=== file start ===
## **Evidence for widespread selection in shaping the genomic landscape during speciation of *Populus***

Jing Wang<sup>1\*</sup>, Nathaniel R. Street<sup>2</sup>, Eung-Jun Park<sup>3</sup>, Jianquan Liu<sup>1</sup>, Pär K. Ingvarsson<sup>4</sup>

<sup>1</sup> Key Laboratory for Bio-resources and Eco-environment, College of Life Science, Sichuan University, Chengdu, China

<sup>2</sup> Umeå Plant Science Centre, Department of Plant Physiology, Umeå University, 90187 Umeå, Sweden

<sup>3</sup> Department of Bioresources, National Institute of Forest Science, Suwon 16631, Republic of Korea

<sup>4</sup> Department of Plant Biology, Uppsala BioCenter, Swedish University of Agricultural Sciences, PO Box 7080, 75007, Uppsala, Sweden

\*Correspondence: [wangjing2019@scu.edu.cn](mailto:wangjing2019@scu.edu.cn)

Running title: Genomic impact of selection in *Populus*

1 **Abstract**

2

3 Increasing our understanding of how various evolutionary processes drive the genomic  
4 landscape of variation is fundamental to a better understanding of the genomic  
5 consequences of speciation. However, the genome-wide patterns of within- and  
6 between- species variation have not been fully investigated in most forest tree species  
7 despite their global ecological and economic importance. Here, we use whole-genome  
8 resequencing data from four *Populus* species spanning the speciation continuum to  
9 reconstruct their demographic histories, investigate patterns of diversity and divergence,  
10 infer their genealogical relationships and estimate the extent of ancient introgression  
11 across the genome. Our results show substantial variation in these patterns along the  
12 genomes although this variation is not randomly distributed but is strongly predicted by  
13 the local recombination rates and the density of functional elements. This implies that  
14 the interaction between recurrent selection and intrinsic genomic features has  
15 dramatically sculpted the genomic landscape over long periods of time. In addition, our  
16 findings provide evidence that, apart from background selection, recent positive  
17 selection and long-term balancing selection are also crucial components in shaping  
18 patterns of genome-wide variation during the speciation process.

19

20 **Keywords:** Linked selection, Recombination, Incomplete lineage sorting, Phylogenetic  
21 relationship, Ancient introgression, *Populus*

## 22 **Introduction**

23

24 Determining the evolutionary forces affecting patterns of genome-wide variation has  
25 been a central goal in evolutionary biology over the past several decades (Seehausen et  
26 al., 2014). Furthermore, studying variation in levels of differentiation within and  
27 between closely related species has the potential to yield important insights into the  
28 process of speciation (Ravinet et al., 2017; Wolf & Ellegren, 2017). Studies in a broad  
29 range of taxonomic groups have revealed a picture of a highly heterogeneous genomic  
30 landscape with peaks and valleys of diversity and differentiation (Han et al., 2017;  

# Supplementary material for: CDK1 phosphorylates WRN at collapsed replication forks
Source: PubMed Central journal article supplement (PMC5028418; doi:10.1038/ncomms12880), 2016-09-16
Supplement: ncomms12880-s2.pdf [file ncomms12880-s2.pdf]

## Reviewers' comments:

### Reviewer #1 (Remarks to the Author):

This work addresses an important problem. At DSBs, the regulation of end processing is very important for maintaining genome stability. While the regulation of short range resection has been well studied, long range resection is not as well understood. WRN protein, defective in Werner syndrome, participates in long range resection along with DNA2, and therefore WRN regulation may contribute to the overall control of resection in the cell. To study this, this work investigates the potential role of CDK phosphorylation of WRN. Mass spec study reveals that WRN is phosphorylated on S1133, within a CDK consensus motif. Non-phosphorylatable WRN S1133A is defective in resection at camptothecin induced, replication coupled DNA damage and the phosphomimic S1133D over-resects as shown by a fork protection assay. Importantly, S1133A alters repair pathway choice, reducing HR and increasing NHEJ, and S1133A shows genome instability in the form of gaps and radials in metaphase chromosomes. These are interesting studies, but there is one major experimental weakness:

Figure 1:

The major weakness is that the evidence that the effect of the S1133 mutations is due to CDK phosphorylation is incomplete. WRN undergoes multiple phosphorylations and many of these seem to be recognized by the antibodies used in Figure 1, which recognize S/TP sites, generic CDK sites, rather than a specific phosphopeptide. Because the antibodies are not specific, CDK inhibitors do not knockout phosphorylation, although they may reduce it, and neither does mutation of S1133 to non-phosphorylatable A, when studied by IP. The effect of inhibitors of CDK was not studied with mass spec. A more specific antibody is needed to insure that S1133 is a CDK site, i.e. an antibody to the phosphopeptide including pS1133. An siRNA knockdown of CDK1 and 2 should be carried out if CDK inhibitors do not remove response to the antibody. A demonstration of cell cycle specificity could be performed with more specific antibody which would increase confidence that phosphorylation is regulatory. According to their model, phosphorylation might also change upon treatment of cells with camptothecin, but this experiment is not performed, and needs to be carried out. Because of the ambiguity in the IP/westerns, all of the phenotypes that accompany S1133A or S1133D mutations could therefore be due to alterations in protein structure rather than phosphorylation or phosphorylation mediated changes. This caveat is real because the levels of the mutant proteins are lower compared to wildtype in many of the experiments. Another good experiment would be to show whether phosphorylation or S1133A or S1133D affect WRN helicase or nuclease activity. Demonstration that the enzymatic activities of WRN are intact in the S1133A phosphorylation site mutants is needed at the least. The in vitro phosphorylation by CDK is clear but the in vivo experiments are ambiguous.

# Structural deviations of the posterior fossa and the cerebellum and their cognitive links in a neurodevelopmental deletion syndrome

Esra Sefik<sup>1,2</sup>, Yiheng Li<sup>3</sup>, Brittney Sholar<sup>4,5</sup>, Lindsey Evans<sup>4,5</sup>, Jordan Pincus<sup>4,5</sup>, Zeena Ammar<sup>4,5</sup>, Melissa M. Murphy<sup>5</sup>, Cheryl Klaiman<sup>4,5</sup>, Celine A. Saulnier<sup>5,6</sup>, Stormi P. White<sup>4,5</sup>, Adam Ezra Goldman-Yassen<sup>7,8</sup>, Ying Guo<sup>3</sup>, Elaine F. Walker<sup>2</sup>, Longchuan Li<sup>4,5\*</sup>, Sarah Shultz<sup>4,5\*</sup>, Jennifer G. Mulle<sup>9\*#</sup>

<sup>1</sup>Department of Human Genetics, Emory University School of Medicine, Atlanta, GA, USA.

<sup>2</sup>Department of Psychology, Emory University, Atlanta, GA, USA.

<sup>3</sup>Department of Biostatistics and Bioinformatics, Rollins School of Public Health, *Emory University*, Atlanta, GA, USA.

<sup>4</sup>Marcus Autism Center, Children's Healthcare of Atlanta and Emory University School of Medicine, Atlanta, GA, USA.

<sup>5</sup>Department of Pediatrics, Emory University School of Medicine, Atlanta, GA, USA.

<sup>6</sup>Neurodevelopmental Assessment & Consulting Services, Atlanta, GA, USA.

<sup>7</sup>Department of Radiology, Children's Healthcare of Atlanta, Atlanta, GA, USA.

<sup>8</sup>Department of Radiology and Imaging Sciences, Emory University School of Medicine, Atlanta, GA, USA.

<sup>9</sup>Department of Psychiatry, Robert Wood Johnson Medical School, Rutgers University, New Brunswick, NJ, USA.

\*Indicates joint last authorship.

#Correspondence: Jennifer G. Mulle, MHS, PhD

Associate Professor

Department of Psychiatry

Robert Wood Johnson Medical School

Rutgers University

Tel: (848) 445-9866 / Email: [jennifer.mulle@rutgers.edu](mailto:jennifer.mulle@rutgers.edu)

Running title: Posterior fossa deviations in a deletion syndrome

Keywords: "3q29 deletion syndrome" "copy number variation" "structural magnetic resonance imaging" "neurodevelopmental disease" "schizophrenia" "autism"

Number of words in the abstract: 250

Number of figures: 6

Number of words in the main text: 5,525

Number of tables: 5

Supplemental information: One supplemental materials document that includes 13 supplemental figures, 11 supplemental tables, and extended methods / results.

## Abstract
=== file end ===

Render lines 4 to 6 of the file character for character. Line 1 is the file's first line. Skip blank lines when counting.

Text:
<sup>2</sup> Umeå Plant Science Centre, Department of Plant Physiology, Umeå University, 90187 Umeå, Sweden

<sup>3</sup> Department of Bioresources, National Institute of Forest Science, Suwon 16631, Republic of Korea

<sup>4</sup> Department of Plant Biology, Uppsala BioCenter, Swedish University of Agricultural Sciences, PO Box 7080, 75007, Uppsala, Sweden